Traditions as a Culture Builder

Once per month our group of edu-bloggers, the “Compelled Bloggers Community,” shares a common topic which we all blog about. This month’s shared topic is “Traditions.” I believe traditions go a long way in helping to build culture in a school, and I want to share one of the traditions we have at Hoover High School.

Paul Spiegelman (@paulspiegelman), NYT Best selling author and Chief Culture Officer at Stericycle, writes in an article for
“Building a company culture of engaged employees takes years and requires consistent execution.” He goes on to share that camaraderie and celebrations are two of the 10 essential components of culture strategy.

At Hoover High School, we have several traditions that come to mind as positive culture builders of camaraderie and celebrations. The one I want to share with you in this post is a relatively new tradition started by our Junior Class Officer sponsor, Jamey Nowlin. She had the vision of an annual schoolwide 3K race to serve as a fundraiser for a charity.

A teacher advertises to her students 
to join her team for the race.

This year was the sixth year of the race, and we usually have about half of the school body to participate. The participants pay $5 for a race bag, which includes a race number and entry into the courtyard after the race for free food, music, and fun. We run a special schedule, and the race and festivities are held between our last two periods of the day.


The Junior Class Officers secure sponsors for the food and festivities, so there is very little that has to be paid out in expenses to hold the event. Because of the support of the community, we are able to donate almost $8,000 to a charity.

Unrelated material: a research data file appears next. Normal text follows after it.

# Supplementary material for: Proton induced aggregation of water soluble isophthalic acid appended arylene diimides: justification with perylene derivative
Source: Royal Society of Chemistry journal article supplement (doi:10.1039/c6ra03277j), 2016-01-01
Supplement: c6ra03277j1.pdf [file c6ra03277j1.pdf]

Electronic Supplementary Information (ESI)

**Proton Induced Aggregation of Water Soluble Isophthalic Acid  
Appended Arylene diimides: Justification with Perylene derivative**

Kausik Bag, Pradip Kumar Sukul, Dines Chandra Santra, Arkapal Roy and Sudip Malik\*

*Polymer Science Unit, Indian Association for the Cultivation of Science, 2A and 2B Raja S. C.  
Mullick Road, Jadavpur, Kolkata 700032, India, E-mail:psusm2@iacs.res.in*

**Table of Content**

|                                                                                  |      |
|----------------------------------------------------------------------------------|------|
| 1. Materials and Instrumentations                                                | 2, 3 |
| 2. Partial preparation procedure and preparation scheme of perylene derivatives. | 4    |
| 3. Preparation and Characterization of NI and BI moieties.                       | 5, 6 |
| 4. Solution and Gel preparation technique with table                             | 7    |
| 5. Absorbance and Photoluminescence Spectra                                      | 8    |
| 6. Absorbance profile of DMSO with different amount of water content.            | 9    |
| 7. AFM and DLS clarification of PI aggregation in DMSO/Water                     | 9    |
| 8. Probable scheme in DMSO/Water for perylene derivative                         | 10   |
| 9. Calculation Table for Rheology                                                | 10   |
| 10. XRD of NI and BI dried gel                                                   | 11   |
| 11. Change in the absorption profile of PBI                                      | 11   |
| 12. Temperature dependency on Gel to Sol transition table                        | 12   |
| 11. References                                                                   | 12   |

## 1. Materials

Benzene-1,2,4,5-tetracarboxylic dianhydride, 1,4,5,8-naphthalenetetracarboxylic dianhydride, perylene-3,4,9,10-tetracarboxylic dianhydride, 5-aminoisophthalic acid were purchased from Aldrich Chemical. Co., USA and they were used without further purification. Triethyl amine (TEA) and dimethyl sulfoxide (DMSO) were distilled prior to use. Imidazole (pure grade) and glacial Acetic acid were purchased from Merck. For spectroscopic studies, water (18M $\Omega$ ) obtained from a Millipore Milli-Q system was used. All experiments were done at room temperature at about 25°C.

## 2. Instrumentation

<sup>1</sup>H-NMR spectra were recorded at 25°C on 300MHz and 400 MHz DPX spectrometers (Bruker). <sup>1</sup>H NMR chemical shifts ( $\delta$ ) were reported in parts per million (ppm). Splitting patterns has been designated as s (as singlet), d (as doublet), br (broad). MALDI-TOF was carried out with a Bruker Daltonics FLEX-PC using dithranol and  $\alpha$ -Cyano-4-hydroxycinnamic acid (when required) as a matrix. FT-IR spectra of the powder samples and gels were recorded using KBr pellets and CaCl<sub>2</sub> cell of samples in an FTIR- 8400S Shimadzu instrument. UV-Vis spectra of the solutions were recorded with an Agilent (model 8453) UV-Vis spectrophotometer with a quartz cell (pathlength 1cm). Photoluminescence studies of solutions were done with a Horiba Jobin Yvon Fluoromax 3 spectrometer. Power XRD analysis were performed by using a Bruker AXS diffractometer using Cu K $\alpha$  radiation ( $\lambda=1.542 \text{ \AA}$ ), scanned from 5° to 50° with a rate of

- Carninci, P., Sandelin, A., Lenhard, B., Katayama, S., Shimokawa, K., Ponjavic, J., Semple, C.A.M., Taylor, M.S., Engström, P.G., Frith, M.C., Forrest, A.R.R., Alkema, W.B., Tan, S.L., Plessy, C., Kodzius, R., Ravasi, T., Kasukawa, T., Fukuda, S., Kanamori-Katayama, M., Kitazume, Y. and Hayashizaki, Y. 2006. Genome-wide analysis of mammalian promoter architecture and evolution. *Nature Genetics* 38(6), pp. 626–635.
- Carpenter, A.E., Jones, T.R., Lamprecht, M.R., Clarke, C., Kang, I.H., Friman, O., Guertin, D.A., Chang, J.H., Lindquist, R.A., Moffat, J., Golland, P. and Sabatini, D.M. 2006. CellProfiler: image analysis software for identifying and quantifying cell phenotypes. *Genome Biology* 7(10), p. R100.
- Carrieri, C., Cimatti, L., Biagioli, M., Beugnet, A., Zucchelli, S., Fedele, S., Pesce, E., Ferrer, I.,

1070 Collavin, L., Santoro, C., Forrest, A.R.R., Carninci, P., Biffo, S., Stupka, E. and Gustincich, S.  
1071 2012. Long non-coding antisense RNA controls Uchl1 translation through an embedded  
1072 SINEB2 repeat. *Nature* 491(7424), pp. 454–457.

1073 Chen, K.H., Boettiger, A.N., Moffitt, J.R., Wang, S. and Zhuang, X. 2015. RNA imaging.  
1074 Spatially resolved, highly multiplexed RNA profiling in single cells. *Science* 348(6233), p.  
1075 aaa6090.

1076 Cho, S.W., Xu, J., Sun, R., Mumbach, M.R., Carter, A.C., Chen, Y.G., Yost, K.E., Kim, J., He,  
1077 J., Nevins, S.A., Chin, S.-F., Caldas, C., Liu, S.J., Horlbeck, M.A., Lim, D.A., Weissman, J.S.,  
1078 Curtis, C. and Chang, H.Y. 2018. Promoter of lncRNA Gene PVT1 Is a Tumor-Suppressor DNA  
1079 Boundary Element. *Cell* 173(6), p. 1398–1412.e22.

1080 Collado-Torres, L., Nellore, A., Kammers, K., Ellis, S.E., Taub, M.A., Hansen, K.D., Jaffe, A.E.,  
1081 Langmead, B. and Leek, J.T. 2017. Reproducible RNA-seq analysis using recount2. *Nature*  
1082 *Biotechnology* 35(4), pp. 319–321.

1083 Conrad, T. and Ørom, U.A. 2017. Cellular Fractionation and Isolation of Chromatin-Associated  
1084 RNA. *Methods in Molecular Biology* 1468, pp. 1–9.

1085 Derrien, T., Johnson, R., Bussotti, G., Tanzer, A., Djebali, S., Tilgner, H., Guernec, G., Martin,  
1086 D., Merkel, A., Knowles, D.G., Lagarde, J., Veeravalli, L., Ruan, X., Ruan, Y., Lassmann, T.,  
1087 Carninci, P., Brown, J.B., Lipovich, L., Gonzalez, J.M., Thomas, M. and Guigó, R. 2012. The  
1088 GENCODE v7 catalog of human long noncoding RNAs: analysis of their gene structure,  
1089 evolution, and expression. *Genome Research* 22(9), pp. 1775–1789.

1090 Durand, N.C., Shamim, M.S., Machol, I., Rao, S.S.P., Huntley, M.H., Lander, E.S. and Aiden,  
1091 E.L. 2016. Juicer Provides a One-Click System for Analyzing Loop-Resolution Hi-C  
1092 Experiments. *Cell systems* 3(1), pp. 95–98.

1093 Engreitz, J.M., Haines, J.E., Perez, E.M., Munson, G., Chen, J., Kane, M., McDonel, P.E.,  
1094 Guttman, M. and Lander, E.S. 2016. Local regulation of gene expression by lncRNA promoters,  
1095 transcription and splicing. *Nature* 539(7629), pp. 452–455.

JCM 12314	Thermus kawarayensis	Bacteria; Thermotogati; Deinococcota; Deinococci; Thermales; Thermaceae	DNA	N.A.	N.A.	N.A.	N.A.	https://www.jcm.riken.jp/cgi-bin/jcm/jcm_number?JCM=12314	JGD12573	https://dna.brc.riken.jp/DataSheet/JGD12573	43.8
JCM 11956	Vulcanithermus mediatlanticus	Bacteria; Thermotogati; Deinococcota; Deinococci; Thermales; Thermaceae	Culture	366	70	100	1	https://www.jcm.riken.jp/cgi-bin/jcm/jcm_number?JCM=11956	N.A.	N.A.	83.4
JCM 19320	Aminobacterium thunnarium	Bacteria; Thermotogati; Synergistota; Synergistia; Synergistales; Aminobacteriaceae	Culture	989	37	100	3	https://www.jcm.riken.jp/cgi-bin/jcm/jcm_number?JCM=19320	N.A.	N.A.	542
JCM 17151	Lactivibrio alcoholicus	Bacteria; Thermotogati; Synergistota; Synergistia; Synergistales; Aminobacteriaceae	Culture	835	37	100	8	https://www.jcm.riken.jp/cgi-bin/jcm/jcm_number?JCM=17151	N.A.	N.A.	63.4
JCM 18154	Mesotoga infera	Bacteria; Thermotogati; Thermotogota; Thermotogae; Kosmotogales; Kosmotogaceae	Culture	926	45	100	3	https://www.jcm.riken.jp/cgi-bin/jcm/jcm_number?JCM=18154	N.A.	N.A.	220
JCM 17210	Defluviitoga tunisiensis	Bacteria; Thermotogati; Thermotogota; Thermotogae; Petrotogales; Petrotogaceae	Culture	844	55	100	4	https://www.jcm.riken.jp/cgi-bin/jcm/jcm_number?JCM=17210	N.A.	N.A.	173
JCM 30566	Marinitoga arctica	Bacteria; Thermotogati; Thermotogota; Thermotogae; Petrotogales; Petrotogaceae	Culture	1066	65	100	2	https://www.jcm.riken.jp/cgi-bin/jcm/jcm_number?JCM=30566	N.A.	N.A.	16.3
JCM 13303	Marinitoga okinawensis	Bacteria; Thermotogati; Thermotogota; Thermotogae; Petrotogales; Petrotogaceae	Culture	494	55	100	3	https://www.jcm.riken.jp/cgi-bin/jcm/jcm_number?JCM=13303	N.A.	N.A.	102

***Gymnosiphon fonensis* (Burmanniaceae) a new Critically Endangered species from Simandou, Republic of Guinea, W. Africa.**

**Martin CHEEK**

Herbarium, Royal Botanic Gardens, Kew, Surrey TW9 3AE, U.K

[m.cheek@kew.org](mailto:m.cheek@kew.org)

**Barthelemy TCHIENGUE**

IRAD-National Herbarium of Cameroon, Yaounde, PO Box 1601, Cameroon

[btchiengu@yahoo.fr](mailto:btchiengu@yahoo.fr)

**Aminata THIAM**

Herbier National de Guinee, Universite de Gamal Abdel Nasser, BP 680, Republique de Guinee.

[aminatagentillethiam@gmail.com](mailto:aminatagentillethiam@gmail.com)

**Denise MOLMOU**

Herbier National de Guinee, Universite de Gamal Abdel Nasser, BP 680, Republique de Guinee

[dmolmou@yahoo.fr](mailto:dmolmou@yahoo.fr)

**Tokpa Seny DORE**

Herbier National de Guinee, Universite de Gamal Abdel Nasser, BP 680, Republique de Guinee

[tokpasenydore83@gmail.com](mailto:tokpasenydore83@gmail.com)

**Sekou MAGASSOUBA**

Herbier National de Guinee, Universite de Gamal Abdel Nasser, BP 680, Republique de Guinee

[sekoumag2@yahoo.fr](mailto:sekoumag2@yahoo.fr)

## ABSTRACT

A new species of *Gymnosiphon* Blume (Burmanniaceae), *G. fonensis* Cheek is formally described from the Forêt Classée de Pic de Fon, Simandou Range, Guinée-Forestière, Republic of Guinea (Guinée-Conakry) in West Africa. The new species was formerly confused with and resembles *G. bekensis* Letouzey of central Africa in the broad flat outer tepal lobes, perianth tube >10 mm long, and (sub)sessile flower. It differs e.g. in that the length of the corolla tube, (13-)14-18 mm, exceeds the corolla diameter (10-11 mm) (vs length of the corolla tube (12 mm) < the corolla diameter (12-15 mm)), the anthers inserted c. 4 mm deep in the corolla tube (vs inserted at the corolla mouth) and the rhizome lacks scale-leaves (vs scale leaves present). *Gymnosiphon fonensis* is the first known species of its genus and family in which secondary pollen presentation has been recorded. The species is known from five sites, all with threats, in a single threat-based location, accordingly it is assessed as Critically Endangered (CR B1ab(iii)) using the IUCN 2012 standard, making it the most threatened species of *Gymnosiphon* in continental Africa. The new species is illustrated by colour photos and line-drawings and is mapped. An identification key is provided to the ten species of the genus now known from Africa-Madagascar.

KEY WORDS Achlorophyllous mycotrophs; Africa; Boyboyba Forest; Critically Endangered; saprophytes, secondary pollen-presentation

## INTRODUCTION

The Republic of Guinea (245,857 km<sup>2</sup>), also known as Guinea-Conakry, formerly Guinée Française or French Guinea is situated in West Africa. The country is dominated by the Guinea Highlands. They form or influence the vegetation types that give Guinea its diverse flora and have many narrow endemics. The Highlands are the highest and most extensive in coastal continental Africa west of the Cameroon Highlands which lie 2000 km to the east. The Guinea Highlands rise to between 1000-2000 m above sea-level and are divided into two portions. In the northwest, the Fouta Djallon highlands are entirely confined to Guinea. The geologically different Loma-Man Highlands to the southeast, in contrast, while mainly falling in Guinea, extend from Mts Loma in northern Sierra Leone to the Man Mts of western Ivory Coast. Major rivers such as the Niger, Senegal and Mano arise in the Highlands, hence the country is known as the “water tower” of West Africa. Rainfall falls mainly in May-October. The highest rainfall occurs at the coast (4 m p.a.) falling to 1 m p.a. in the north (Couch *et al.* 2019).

Teachers and students come together to be a part of something bigger than us, and we never forget the reason which is to support a deserving organization. We build camaraderie and we celebrate each other through this annual event. What two better essential components could we have for our culture?

Tuesday, November 3, 2015

5 Actions to be a Better Leader

Whether you’re an aspiring leader or a veteran leader, this is a list of 5 actions to start doing today. 

Already doing all 5? What would you add to the list? Leave it in the comments.

1. Believe in your own abilities to help, support, and lead others.  Great leadership starts with growth-oriented mindset, and a belief in one’s self to impact and influence a team or individual.

2. Model risk-taking and recovery from failure. If innovative ideas are honored and new ideas are tried, there will be some failure involved. Let others see how you recover and respond to setbacks and use them to move forward.

Failing forward turns a road block into a speed bump.

3. Assume the best in others. Not assuming the best in others leads to mistrust and broken relationships. Love for others undergirds these powerful assumptions. 

4. Highlight and celebrate others. Others feel validated and respected, which leads to greater morale and opportunities for stronger relationships.

Lighting another person’s candle doesn’t diminish your own.

5. Put yourself in your team’s shoes. Empathy is like a muscle that can be exercised and strengthened. By seeing things from your team’s point of view shows that everyone has value and is an important part of the team.